Monday , July 13 2020
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The Unforgiving Electric Vehicle

Summary:
Electric cars are unforgiving things. If you forgot to plug in the night before – or just didn’t have time – they’ll make you pay for it . . .  in time. My 18-year-old non-electric truck is much more forgiving of my forgetting . . . to fill it up. I was driving down to Lowes the other day – and from there to the coffee shop where I spend a few hours each day composing the rants – when I glanced at my fuel gauge and realized I was almost running on empty.  No worries – as the Aussies say. There’s a gas station just up the road. I’ll roll in – maybe on fumes – and roll out just a couple of minutes later with a full tank. No planning – or waiting. A minor detour and back to my day. But what if I’d had an electric car? Lots of

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Electric cars are unforgiving things. If you forgot to plug in the night before – or just didn’t have time – they’ll make you pay for it . . .  in time.

My 18-year-old non-electric truck is much more forgiving of my forgetting . . . to fill it up.

I was driving down to Lowes the other day – and from there to the coffee shop where I spend a few hours each day composing the rants – when I glanced at my fuel gauge and realized I was almost running on empty.

No worries – as the Aussies say.

There’s a gas station just up the road. I’ll roll in – maybe on fumes – and roll out just a couple of minutes later with a full tank. No planning – or waiting. A minor detour and back to my day.

But what if I’d had an electric car?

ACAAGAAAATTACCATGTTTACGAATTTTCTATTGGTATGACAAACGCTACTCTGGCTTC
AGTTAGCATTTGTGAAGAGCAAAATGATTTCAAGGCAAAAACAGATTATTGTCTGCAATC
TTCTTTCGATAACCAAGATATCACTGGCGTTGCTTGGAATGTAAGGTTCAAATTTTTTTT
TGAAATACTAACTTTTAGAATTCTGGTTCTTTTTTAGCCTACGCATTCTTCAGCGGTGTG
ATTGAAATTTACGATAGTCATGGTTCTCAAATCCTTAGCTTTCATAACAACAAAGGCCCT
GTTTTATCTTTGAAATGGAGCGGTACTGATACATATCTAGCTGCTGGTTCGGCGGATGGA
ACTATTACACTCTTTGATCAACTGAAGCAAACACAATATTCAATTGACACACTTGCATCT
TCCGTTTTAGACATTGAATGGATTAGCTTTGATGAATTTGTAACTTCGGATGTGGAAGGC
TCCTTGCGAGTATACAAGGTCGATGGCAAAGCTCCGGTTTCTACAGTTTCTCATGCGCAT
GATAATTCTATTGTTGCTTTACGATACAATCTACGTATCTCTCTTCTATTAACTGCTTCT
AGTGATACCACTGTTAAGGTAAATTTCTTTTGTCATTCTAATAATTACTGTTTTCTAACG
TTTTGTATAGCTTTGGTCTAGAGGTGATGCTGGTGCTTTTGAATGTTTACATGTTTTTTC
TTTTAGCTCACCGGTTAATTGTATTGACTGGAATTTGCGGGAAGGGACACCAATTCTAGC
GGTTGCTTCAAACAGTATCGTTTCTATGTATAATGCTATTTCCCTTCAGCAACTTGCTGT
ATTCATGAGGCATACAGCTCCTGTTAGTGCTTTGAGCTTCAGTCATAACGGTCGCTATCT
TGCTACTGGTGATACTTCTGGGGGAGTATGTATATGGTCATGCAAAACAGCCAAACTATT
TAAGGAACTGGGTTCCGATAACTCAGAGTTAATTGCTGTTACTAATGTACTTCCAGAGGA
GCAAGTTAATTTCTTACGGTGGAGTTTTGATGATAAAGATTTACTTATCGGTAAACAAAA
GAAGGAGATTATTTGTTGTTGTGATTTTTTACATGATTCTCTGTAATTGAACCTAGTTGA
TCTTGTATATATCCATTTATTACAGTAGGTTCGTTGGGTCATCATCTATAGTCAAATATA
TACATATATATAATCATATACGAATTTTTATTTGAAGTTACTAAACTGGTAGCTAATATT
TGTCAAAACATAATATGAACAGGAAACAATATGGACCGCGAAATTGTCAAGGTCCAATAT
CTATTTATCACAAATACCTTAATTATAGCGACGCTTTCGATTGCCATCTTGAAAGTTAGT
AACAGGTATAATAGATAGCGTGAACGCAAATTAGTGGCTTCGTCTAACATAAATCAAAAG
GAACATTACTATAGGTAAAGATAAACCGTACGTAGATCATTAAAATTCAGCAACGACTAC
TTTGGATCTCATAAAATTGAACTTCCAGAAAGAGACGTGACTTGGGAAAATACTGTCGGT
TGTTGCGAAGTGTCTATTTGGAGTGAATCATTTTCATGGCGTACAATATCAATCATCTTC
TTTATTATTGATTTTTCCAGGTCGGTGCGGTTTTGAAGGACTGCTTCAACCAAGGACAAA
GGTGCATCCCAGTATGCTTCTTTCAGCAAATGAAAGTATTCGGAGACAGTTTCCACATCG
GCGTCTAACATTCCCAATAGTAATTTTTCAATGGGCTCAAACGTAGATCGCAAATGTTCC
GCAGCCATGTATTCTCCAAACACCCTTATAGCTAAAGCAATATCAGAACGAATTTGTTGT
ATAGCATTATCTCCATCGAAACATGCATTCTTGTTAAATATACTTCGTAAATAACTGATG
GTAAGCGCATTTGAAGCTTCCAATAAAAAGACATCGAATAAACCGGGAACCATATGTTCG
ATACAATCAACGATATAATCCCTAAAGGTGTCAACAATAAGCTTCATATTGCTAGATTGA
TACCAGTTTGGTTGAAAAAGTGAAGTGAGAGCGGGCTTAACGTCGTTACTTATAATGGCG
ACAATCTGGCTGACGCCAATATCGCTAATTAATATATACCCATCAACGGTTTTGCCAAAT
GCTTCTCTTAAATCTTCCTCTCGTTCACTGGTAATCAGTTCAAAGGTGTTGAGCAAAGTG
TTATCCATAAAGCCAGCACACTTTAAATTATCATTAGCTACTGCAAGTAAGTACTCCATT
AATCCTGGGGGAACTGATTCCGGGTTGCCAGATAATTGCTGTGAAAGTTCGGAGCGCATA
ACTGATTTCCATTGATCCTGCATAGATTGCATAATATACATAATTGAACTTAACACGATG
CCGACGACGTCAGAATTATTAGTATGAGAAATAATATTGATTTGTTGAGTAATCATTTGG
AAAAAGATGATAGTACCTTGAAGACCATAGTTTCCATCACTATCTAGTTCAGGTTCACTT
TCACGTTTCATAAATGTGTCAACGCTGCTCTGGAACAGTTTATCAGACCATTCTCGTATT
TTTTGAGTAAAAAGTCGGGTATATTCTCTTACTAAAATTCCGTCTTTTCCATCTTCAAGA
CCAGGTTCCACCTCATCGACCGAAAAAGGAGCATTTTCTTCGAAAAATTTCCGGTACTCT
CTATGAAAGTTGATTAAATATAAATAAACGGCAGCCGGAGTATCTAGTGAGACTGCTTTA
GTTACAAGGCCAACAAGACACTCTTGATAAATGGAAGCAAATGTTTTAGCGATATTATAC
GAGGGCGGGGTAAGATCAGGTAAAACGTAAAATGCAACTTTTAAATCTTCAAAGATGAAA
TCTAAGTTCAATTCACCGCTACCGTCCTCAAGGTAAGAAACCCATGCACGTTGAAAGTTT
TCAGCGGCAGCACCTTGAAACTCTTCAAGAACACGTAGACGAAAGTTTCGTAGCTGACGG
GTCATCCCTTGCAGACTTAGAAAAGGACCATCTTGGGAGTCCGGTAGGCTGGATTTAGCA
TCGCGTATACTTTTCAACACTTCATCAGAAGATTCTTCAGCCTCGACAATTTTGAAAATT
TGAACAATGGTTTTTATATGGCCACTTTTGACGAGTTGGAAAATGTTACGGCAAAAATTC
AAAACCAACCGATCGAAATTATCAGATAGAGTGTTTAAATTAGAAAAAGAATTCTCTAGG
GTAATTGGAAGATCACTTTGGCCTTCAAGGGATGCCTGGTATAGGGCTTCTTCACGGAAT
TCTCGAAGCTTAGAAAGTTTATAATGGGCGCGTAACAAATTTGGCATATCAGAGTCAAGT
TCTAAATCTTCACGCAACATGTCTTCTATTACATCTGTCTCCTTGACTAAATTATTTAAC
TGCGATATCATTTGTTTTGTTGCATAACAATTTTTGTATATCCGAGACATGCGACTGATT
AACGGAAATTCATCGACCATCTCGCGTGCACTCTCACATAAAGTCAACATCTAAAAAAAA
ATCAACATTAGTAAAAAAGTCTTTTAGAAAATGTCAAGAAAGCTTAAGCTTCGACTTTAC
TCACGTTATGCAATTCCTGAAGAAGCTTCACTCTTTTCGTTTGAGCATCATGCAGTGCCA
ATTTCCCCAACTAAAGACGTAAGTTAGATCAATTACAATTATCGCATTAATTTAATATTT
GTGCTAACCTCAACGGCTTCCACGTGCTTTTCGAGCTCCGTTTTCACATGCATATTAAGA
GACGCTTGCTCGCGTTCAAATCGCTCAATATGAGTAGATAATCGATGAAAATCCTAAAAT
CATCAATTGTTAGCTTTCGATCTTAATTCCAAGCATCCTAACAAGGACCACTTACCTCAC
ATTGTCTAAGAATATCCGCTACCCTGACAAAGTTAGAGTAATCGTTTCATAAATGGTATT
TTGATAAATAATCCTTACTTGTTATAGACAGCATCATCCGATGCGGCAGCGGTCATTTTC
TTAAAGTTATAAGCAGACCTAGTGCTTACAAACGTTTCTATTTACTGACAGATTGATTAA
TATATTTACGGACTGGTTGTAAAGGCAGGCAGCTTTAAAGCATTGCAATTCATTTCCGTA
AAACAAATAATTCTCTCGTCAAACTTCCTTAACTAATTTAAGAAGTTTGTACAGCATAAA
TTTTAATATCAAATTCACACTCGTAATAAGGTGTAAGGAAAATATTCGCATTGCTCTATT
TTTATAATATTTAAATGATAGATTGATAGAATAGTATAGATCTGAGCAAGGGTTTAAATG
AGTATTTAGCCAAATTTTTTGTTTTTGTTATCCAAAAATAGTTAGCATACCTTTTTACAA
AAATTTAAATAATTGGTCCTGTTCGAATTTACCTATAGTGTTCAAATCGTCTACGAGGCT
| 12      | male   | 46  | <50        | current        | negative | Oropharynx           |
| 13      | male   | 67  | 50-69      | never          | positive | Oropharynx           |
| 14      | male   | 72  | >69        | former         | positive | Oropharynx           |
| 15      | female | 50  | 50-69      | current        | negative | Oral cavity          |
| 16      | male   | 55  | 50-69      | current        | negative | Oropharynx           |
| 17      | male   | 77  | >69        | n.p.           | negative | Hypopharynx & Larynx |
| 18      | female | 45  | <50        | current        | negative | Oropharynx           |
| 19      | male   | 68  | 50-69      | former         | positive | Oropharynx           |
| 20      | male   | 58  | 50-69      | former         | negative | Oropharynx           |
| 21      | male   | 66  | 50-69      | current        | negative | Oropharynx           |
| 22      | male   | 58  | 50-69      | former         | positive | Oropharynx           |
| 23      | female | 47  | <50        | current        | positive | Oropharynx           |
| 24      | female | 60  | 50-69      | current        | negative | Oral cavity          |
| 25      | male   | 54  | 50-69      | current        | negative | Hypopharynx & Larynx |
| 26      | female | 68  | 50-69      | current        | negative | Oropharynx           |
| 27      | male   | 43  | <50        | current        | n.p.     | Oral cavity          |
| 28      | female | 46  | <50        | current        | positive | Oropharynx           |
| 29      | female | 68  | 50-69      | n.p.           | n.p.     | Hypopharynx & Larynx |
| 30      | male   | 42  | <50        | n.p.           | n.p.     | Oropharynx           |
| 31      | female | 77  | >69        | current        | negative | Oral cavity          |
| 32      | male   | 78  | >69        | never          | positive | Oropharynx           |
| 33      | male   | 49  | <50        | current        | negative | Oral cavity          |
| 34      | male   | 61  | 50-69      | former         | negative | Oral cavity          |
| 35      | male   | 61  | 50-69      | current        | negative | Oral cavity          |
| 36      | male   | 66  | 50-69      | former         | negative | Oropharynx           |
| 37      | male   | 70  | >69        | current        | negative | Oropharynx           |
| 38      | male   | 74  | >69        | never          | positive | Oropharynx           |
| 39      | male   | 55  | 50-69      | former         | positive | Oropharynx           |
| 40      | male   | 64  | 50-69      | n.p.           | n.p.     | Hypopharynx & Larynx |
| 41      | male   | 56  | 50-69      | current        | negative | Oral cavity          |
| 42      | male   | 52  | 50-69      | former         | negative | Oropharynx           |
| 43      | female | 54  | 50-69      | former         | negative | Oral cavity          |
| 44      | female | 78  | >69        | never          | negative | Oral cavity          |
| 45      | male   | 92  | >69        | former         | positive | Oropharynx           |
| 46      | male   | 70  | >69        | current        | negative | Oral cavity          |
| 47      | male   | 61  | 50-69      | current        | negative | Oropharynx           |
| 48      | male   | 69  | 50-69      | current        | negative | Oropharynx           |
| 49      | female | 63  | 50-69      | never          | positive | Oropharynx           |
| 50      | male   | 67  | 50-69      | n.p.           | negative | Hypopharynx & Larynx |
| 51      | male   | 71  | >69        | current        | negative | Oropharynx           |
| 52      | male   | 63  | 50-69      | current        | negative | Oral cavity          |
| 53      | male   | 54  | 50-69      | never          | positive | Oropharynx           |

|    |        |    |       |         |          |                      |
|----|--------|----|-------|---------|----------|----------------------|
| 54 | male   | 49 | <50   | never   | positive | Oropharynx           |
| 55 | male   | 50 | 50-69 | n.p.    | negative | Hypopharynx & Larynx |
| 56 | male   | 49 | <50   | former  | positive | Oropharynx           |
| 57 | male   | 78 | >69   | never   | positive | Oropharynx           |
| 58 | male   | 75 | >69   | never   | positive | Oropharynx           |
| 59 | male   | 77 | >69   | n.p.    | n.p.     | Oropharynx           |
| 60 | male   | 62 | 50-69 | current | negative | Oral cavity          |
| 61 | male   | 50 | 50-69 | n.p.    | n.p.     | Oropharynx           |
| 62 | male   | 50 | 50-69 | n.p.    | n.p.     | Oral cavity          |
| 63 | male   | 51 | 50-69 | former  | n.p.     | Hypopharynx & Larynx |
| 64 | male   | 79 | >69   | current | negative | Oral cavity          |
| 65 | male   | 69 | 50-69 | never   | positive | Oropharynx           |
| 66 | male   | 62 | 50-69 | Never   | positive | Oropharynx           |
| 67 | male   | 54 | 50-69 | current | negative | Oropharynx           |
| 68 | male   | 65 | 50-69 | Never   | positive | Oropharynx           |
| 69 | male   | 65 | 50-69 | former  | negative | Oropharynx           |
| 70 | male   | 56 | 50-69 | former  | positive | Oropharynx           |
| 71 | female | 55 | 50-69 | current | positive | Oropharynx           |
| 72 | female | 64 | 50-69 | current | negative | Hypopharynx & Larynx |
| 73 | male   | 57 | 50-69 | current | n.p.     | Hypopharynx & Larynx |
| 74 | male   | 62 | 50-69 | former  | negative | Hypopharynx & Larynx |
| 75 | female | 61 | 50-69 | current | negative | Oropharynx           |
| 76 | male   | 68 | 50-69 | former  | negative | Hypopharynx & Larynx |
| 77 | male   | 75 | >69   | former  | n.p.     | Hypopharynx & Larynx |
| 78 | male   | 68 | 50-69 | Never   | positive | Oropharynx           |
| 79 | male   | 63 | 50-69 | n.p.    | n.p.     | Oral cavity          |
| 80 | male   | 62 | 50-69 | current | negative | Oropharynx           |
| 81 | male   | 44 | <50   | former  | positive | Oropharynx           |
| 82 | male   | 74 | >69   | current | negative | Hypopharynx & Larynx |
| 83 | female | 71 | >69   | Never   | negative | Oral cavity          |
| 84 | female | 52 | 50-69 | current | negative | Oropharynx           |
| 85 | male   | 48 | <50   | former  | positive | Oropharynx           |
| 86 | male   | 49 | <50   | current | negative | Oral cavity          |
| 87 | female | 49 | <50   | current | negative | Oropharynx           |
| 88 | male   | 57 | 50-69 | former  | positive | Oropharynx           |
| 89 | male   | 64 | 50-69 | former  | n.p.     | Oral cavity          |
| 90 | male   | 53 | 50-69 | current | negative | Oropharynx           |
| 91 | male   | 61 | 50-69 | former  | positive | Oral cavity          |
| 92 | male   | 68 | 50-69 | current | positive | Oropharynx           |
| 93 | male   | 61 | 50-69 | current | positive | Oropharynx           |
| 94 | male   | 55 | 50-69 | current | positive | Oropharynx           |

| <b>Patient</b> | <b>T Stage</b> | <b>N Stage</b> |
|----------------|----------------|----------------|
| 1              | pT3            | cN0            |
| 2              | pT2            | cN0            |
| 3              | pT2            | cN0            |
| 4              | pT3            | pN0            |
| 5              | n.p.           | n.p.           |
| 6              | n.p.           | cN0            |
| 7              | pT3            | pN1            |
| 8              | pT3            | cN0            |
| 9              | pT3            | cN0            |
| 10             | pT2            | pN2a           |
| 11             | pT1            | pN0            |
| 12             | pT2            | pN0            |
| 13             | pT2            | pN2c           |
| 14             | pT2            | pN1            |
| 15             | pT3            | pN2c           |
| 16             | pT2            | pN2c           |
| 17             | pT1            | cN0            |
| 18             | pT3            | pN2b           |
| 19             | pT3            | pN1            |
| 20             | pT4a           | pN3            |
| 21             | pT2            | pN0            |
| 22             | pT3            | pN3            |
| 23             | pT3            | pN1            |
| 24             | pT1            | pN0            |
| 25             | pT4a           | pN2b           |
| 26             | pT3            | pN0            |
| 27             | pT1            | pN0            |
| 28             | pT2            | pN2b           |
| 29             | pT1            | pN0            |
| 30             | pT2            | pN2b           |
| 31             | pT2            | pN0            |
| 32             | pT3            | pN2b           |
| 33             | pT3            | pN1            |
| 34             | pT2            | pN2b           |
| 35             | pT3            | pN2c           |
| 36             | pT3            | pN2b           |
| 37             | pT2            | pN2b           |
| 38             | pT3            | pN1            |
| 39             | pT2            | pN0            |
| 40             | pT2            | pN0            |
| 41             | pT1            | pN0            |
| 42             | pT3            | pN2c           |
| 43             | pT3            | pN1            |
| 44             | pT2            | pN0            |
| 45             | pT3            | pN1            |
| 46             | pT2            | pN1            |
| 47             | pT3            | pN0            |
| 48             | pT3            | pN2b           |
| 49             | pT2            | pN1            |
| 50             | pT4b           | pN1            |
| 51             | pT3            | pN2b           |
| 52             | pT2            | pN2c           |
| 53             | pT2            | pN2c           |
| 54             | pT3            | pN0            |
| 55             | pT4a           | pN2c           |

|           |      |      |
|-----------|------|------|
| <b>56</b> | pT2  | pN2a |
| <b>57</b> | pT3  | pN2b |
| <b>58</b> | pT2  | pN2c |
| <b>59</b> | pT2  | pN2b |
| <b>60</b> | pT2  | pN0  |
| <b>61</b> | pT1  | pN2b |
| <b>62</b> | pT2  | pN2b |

Lots of worries.

The first being to try to find a “fast” charger before I ran out of charge. Because if you do run out of charge, you are out luck. You can’t hike to the nearest “fast” charger and bring back a gallon of electricity. You must get the car to the charger – which will mean towing it there, if you run out of charge.

And there may not be a “fast” charger anywhere near-by.

Many cities have installed some, but outside of most towns, “fast” chargers are kind of like Little Caesar’s – they are around, but it’s usually a drive to locate one.

But let’s say you do find one. There’s still no getting around the wait. You won’t be rolling out of there for at least half an hour or so – and when you do, you’ll only be carrying a partial charge. Which means you’ll have to plug in again  . . . sooner, this time.

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Eric Peters
Eric Peters is a freelance car/bike/political columnist. He escaped the corporate-owned media Big Boys years ago. Without the censorship of the corporate tools

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